A Harde response

Earlier this year, I wrote a post about a paper by Hermann Harde that argued that most of the rise in atmospheric CO2 was natural. If you want more details of why this suggestion is nonsense, you can read my earlier post. What I was going to mention in this post is that a number of us have just published a response.

The history of this is essentially that Gavin Schmidt, as he suggested in this Realclimate post, set up an Overleaf document and contacted those who had shown interest. It was lead by Peter Köhler, and colleagues, from the Alfred-Wegener-Institut, but also included myself, Eli Rabett, and Richard Zeebe from the University of Hawaii at Manoa. Gavin Cawley also provided some very valuable comments and suggestions.

I don’t need to say too much about the details of our paper. It essentially highlights that the Harde paper confuses the residence time of an individual molecule (years) with the adjustment time for an enhancement of atmospheric CO2 (centuries). It also points out that you can’t model the evolution of atmospheric CO2 with a single equation. You need to consider at least two reservoirs (atmosphere and surface ocean) and this requires at least two equations that are solved simultaneously.

We also point out that it’s important to consider the Revelle factor, which limits how much of our emissions can be taken up by the oceans (we would expect – depending on how much we emit – that 20-30% of our emissions will remain in the atmosphere for thousands of years). Additionally, there were issues with Harde’s application of his model to paleoclimate, and there were a number of papers that he really should have cited (such as citing Essenhigh 2009 paper, while failing to cite Gavin Cawley’s response).

We end our paper by suggesting that Harde’s paper be withdrawn. I’m normally a little uncomfortable with suggesting that a paper that does not involve fraud, or plagiarism, be withdrawn. However, Harde’s paper is so obviously flawed that it is remarkable that it made it through the editorial, and review, process without being rejected. It might be better if it were withdrawn, but at least there is now a formal response that highlights the numerous issues.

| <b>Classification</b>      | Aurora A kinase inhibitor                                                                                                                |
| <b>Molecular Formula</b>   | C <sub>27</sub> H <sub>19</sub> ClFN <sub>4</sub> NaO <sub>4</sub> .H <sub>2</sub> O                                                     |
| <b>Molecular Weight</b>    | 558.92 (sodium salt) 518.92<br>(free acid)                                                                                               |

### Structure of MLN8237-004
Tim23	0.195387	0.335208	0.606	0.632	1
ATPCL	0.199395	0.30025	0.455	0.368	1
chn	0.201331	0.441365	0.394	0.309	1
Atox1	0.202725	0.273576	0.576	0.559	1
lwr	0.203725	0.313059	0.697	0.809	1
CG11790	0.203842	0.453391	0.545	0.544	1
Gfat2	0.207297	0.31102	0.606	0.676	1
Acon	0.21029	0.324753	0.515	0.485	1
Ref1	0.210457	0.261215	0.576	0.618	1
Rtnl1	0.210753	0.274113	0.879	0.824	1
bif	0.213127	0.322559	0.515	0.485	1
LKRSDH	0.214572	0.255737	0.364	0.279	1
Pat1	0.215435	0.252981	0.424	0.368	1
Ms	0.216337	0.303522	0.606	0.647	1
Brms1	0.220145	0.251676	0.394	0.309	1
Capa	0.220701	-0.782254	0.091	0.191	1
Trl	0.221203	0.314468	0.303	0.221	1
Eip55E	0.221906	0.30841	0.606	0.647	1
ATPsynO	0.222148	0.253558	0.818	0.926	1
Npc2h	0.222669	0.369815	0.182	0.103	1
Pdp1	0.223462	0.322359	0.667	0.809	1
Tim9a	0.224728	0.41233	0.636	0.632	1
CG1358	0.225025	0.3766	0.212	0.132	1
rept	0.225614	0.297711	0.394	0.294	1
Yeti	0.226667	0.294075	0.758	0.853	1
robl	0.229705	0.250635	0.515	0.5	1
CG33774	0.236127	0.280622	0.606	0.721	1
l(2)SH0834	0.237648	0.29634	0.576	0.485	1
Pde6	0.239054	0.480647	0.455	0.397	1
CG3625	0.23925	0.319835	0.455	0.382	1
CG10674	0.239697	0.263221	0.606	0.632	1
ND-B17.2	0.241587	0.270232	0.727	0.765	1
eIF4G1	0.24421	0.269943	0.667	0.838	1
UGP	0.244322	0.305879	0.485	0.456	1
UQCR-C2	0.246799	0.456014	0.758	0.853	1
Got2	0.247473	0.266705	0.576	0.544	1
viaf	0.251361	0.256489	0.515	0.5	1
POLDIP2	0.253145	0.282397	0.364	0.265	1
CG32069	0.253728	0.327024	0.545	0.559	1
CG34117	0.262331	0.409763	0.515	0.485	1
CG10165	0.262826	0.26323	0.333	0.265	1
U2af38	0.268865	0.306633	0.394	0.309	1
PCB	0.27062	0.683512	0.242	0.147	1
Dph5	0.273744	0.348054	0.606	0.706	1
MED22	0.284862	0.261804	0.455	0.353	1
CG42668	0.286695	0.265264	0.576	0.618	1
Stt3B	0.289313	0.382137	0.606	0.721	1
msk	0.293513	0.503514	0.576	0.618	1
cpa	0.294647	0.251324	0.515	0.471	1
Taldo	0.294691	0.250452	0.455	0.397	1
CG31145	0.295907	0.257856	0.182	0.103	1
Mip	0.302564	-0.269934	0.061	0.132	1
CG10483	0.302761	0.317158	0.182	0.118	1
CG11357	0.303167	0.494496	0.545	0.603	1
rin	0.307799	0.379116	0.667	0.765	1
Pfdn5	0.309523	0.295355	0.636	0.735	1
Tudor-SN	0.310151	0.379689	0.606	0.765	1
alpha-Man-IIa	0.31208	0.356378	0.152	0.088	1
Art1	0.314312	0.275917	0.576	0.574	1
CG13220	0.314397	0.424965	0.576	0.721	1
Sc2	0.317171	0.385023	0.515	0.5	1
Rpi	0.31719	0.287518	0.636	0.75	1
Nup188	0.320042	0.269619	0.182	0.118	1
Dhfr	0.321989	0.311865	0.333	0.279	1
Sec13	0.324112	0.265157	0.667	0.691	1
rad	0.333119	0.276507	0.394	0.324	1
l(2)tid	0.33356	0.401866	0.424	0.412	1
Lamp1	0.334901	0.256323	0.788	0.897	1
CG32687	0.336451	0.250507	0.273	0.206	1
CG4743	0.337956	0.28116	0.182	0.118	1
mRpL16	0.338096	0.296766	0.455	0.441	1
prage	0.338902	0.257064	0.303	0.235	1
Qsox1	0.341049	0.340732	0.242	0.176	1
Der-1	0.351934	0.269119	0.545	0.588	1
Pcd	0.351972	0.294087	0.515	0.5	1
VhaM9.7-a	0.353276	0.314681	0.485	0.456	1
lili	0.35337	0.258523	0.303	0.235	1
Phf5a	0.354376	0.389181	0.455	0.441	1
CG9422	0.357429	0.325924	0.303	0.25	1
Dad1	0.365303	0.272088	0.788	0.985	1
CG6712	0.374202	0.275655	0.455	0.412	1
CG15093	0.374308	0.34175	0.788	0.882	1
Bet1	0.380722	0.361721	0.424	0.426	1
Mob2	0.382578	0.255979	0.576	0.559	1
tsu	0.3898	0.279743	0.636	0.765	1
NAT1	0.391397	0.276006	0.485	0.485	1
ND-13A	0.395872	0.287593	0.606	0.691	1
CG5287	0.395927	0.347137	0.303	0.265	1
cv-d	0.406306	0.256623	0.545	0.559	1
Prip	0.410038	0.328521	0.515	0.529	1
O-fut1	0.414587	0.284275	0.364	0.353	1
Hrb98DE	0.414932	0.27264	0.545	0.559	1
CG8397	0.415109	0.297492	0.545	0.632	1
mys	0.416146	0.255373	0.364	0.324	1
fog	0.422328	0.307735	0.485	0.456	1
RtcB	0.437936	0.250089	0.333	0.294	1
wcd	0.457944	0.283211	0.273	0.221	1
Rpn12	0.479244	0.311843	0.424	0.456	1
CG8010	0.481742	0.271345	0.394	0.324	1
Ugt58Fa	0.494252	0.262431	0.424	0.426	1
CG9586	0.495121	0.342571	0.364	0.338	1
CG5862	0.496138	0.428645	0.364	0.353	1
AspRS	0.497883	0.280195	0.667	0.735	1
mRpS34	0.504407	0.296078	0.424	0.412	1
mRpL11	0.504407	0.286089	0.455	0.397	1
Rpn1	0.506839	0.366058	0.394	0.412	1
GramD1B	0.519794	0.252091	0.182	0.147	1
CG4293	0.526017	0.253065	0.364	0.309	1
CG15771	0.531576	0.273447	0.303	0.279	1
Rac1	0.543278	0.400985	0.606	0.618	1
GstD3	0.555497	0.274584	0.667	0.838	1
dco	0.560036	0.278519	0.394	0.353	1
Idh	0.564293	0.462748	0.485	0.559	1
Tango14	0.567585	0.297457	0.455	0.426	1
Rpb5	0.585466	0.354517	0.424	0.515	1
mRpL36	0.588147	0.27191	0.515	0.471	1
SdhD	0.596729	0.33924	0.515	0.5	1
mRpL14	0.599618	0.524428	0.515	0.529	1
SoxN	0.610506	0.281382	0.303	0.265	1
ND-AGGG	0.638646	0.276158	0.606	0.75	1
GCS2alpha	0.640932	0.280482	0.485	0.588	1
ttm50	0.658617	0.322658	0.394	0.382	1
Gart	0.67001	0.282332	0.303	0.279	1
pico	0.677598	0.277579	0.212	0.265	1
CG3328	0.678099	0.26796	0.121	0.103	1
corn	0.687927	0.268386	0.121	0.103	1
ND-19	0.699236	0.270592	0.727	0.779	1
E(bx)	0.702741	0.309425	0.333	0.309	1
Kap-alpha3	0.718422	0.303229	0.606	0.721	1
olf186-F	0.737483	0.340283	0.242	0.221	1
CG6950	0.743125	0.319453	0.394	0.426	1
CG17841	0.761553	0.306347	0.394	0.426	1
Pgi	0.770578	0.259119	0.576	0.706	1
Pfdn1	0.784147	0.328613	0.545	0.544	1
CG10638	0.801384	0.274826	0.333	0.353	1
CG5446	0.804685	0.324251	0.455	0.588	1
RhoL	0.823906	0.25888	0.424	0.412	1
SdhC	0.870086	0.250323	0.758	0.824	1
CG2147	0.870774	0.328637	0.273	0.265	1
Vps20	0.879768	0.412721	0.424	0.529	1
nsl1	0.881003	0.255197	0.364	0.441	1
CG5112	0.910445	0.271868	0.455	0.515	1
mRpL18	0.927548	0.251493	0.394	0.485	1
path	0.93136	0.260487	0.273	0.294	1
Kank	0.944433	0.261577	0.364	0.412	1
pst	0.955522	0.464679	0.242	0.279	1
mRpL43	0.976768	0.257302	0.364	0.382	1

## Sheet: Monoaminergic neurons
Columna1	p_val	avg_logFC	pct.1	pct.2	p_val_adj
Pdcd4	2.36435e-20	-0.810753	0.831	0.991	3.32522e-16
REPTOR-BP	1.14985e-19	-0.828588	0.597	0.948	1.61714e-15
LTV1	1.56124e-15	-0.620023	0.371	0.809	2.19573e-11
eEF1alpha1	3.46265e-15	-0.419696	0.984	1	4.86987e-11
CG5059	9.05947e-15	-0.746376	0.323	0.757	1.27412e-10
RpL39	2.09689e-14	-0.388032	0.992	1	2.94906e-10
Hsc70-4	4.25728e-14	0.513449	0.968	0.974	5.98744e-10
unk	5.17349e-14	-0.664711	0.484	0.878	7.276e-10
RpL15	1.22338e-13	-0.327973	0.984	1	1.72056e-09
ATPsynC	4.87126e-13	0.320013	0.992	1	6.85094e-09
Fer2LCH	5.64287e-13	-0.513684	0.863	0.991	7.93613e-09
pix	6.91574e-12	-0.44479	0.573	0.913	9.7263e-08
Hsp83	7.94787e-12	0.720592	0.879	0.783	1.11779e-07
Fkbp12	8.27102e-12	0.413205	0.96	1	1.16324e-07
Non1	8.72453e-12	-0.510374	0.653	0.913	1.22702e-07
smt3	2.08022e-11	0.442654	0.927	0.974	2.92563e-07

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22 Responses to A Harde response

  1. Kevin ONeill says:


  2. Marco says:

    Quite a few papers have been retracted recently for making mistakes. In those cases, however, it supposedly(*) is the author that takes the initiative.

    (*) In reality, in some cases there very likely is pressure from the Editor(s) to retract.

    COPE actually states that “Journal editors should consider retracting a publication if they have clear evidence that the findings are unreliable, either as a result of misconduct (e.g. data fabrication) or honest error (e.g. miscalculation or experimental error)”

    Moreover: “Retraction should usually be reserved for publications that are so seriously flawed (for whatever reason) that their findings or conclusions should not be relied upon.”

    Harde’s paper definitely fits this category…

  3. Marco,
    Thanks, I hadn’t seen the suggestion that retraction should be considered if a paper’s findings are unreliable. It does make sense in cases where it’s obvious that the paper’s results are clearly flawed.

  4. dikranmarsupial says:

    Bravo indeed!

    I think the reason Prof. Harde’s paper made it through review can be found in the author information pack for the journal:

    Please submit, with the manuscript, the names, addresses and e-mail addresses of five potential
    referees. Note that the editor retains the sole right to decide whether or not the suggested reviewers
    are used.